By the late 1960s, as centennial observances ended, the Library’s annual report noted that “The wide interest in the American Civil War period of recent years has declined markedly.” Allan Nevins himself was declining as well and in 1969 became an honorary research associate before retiring from the library altogether. When he died in 1971, the Library mounted a memorial exhibit of his life and work in his memory.

A considerable portion of the attention of librarians and staff seemed to shift from the conflicts of the 1860s to the upheavals of the 1960s. “Whatever the rights and wrongs about the disturbances in universities and colleges”, the Library’s Annual Report observed in 1970, “it is clear that productive research is one victim of the tumult.” The Huntington could be a haven for scholars above and apart from the fray. But even the Huntington made its concessions to a changing era, declaring that “persons who don’t wear shoes are no longer excluded.”

In the 1970s and early 1980s, the Civil War was not a central preoccupation for American historians or for the nation more broadly. The Huntington continued to enrich its Civil War collections, but at a more measured pace than during the Centennial, and researchers continued to consult the assembled treasures. But an explosion of interest in the war and a new era of Civil War studies was about to appear.

In 1977, Princeton professor James McPherson took up a fellowship at the Huntington Library. Over the next 35 years it would become a second academic home. During his first visit, he did research and writing for Ordeal by Fire: The Civil War and Reconstruction which appeared in 1982. Much of that material proved valuable as well as he prepared Battle Cry of Freedom, published in 1988, just after McPherson’s second Huntington residency. The book caught the public imagination, won the Pulitzer Prize and became a runaway bestseller.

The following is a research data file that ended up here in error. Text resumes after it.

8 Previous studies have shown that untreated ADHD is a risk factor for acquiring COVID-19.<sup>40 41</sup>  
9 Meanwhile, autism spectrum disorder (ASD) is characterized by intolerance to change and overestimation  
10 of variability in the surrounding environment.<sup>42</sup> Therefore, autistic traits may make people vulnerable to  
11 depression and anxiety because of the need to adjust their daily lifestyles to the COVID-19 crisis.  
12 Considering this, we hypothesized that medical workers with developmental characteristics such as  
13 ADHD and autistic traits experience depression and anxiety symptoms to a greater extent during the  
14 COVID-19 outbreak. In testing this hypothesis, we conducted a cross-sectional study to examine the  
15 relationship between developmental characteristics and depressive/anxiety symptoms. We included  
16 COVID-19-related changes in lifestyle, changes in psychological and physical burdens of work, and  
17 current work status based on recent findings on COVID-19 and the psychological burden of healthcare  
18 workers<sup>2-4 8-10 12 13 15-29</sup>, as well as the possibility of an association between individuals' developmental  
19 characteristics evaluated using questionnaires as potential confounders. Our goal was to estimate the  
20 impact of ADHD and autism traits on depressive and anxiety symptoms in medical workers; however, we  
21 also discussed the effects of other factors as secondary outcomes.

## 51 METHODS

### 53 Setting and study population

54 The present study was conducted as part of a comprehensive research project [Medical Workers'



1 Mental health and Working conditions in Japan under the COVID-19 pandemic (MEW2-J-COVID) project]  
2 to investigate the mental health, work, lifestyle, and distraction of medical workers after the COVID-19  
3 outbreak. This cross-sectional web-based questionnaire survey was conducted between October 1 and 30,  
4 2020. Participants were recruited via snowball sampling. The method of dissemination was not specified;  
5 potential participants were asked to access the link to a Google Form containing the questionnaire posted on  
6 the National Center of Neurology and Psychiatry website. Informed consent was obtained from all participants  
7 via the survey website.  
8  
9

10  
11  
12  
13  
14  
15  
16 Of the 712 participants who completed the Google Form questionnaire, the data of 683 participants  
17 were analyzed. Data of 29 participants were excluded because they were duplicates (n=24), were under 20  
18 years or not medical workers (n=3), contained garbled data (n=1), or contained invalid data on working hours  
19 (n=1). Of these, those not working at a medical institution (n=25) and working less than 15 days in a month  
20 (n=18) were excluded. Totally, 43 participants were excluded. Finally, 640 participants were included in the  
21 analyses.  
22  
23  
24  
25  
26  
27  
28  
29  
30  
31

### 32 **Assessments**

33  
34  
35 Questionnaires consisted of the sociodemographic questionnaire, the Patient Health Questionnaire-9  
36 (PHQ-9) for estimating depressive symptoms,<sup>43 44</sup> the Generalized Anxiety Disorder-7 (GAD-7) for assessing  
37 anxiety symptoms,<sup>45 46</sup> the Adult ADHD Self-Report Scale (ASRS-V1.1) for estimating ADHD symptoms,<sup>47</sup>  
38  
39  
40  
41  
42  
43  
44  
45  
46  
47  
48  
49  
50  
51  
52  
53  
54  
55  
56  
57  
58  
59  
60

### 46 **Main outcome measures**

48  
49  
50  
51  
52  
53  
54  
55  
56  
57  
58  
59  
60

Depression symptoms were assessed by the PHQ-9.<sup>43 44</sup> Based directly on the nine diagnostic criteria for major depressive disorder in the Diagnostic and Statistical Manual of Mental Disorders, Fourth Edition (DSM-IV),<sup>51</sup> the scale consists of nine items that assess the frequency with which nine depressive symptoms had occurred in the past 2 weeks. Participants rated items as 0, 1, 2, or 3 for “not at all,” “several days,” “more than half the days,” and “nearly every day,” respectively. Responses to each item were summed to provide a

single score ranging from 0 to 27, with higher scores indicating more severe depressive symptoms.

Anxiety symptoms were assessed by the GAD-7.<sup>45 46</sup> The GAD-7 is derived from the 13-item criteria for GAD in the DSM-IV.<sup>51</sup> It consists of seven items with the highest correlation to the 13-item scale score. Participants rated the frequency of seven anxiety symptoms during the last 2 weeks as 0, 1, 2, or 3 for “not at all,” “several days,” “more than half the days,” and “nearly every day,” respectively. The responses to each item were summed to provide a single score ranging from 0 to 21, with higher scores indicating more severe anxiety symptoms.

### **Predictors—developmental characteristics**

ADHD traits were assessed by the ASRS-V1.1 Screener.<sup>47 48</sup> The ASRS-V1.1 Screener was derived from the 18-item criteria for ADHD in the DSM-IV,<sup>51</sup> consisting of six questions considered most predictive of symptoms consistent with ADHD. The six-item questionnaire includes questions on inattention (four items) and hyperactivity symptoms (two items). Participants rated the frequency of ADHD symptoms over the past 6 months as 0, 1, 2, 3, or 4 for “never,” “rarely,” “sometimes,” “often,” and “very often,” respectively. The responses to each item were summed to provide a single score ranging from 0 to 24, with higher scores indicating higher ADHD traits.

Growing popular interest in the war was both reflected and intensified by the success of McPherson’s book, and in the fall of 1990 it would be further amplified by the appearance of Ken Burns’ nine part TV series The Civil War. Released on the eve of the Gulf War as Americans contemplated sending troops into battle once again, the series attracted more than 39 million viewers and became the most watched program ever on PBS. The Huntington had made important contributions to the film. In my references to the Library’s collections I have so far spoken chiefly about manuscripts and books. But over the years the Huntington has also acquired unrivaled visual material portraying the war—photographs, scrapbooks, sketchbooks, watercolors, drawings, prints. Burns drew copiously from these for both his film and the accompanying book. The Library’s acquisitions in this area in the years since 1990 could provide even more remarkable visual resources for depicting the war. Perhaps it is time for another TV series that would make use of them. An exhibit of photographs from the Library to commemorate the Civil War Sesquicentennial in 2012 has certainly whetted our appetites.